In his fiction Ernest Gaines is interested not only in deconstructing stereotypes but also in presenting new models of southern manhood, for both black and white men. While Gaines has employed traditional definitions of manhood in his fiction, the vision he presents in his most recent novel, A Lesson Before Dying, is similar to that of Cooper Thompson and other contemporary theorists of masculinity, who believe that young men must learn 'traditional masculinity is life threatening' and that being men in a modern world means accepting their vulnerability, expressing a range of emotions, asking for help and support, learning non-violent means of resolving conflicts, and accepting behaviours which have traditionally been labelled feminine (such as being nurturing, communicative, and cooperative) as necessary for full human development.4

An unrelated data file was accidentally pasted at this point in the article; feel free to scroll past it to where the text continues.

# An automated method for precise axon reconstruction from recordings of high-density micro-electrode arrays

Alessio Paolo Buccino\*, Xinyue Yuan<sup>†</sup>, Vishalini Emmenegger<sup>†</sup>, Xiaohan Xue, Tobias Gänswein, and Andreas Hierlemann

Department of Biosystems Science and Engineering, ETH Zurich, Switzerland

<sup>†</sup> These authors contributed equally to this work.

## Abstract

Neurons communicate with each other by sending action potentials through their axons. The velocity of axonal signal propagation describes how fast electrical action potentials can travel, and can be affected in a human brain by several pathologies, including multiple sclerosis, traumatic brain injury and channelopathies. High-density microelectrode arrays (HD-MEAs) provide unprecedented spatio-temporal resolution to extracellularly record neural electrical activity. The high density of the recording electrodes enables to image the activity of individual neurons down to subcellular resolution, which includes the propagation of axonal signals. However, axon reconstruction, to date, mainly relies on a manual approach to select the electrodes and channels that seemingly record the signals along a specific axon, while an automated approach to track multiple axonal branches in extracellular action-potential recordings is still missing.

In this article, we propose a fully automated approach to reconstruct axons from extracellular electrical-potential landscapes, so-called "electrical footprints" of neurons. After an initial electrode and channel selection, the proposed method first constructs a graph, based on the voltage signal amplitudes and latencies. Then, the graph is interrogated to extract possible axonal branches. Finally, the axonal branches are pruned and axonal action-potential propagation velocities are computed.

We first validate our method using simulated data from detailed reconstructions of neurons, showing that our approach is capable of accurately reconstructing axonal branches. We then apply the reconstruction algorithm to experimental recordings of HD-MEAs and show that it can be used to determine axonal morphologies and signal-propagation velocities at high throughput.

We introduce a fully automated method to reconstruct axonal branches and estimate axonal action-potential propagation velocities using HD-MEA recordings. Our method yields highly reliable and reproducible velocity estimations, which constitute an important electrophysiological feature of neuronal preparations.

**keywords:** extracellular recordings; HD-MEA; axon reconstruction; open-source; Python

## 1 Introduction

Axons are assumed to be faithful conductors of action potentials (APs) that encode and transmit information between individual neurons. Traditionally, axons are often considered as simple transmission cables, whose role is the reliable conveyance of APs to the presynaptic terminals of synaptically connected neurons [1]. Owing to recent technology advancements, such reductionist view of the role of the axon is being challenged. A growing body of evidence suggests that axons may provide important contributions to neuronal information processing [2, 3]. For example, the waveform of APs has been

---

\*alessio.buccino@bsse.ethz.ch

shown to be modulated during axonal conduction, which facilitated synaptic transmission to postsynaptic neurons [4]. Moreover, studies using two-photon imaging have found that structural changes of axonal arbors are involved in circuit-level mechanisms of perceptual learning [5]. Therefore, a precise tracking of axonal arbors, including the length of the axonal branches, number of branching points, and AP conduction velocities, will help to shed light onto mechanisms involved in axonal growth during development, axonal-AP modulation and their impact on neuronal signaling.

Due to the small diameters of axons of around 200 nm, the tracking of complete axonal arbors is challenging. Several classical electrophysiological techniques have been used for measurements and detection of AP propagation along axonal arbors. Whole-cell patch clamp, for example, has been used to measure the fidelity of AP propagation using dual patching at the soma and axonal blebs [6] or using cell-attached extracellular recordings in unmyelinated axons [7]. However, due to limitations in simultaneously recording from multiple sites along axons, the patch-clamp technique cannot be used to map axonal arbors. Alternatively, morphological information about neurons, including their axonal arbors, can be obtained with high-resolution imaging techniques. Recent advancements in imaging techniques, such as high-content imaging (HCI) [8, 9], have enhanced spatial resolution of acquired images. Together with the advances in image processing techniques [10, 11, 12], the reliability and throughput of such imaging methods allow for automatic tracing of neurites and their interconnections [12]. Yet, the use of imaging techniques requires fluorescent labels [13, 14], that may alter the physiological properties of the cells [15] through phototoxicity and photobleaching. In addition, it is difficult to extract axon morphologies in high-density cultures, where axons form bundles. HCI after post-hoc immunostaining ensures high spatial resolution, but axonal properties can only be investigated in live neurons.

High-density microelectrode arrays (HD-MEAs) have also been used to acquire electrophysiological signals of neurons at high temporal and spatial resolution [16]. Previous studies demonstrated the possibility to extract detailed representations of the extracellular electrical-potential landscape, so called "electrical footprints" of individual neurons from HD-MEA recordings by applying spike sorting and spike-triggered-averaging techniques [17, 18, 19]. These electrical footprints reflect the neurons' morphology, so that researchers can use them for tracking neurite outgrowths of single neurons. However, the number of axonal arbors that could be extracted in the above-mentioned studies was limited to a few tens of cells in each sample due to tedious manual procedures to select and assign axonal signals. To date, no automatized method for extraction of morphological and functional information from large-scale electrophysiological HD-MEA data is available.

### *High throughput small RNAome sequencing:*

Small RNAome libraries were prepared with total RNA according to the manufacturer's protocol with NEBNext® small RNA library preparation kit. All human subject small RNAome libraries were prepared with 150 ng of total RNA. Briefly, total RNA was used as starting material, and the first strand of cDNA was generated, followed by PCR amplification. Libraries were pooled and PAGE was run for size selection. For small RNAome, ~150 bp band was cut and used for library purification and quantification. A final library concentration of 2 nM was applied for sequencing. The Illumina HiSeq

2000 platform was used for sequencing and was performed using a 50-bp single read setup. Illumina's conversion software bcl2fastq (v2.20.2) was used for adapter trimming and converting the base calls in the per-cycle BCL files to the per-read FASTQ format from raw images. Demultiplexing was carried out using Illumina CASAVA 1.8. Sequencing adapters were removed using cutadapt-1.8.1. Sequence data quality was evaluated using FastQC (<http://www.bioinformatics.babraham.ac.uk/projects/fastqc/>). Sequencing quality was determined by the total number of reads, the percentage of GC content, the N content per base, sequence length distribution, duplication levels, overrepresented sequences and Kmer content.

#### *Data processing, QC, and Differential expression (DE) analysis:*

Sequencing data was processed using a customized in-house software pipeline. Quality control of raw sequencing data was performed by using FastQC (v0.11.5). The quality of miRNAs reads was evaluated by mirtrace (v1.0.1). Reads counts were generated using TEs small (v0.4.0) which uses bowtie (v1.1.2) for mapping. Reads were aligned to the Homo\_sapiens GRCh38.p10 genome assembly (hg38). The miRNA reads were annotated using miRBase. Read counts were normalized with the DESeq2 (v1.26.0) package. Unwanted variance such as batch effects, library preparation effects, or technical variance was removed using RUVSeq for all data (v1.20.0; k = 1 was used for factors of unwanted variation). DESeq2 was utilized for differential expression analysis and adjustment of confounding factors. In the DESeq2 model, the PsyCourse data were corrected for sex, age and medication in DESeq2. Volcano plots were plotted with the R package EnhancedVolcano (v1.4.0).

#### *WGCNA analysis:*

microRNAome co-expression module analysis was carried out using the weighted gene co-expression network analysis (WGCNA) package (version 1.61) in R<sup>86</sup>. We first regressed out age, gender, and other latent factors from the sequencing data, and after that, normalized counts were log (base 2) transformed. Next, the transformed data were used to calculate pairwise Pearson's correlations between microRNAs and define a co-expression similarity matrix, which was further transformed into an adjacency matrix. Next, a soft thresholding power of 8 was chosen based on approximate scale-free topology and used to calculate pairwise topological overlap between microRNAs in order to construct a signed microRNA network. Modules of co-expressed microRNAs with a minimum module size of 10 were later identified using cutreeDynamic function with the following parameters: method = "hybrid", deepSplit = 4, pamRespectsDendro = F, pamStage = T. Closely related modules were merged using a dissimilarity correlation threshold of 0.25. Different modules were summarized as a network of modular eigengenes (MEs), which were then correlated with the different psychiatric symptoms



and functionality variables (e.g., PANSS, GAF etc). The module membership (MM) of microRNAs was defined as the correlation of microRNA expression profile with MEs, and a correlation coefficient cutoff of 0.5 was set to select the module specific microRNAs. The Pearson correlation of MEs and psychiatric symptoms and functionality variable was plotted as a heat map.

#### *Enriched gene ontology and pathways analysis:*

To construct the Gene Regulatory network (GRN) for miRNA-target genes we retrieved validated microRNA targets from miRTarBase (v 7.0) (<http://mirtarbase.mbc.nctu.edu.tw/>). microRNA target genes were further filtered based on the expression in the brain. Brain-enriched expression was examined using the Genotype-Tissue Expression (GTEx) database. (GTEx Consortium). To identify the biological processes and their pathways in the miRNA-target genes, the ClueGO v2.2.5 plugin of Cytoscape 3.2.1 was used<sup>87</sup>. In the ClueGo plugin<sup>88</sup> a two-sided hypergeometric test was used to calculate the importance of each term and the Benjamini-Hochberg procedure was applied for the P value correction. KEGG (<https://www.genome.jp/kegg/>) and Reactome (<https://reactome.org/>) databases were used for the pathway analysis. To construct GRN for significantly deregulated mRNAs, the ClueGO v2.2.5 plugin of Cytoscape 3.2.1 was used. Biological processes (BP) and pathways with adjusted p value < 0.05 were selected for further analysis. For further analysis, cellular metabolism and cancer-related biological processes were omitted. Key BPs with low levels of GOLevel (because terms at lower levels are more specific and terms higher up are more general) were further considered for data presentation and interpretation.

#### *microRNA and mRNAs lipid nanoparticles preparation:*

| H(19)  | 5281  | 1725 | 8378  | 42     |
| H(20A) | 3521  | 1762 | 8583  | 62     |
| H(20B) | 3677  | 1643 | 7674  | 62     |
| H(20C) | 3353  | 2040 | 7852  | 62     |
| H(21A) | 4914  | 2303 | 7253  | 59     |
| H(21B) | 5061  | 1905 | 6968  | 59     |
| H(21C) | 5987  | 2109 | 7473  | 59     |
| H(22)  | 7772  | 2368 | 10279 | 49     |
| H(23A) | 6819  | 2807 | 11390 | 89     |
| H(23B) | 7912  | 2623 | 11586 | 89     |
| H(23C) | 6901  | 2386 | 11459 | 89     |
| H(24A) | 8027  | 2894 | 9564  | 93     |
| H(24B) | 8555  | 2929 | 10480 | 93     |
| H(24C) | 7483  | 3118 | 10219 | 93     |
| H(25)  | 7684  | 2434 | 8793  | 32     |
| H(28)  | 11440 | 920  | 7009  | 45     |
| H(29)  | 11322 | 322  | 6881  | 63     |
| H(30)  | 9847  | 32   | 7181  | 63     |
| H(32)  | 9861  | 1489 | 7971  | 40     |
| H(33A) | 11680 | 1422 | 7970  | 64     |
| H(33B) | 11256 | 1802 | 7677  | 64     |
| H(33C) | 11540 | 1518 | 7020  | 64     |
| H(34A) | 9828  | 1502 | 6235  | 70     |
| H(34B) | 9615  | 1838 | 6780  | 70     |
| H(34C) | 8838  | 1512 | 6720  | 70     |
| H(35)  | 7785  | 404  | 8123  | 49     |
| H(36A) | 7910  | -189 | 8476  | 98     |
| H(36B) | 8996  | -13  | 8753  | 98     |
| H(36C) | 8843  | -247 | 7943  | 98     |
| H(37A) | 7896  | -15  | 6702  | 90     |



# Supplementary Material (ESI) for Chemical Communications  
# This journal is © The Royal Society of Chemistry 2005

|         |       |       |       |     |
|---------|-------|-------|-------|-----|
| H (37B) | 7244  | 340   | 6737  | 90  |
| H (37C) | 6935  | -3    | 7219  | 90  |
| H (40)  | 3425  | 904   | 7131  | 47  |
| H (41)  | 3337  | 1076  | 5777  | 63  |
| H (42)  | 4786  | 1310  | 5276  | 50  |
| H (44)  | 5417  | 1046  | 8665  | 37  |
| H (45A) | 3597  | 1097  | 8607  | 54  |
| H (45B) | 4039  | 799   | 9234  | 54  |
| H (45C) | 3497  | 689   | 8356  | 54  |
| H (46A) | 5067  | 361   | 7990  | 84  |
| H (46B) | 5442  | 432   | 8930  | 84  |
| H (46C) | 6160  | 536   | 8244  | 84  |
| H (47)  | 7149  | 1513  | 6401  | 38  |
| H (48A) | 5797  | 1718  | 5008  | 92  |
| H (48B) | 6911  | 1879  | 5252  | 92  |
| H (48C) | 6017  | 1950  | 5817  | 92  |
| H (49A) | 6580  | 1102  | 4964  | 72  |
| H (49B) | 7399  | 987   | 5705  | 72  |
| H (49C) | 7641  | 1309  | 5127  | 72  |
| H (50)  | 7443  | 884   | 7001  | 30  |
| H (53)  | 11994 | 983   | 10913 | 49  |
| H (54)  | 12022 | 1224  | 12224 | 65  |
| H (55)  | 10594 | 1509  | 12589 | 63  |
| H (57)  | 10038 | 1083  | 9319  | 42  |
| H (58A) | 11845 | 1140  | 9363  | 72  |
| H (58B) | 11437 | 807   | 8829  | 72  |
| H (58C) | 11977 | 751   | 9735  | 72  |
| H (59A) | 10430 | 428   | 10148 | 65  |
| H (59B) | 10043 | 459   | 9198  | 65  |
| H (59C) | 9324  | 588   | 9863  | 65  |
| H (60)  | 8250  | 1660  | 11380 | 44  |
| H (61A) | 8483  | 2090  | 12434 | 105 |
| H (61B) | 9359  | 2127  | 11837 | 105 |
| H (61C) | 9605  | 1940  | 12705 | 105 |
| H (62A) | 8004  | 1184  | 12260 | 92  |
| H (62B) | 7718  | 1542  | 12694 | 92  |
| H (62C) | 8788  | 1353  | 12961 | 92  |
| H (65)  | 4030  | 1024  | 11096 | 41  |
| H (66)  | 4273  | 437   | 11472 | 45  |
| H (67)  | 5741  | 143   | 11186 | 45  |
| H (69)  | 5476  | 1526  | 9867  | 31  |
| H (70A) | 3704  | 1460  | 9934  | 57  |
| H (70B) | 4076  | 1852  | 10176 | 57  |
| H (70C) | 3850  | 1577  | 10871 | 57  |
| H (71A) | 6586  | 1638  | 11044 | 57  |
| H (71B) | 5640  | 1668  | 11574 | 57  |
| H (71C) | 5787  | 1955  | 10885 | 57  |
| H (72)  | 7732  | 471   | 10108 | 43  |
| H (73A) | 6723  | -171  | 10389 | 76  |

Copyright © 1997 Berghahn Books. This article first appeared in Critical Survey 9:2 (1997), 15-42.
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Jones, Suzanne W. "New Narratives of Southern Manhood: Race, Masculinity, and Closure in Ernest Gaines's Fiction." Critical Survey 9, no. 2 (1997): 15-42.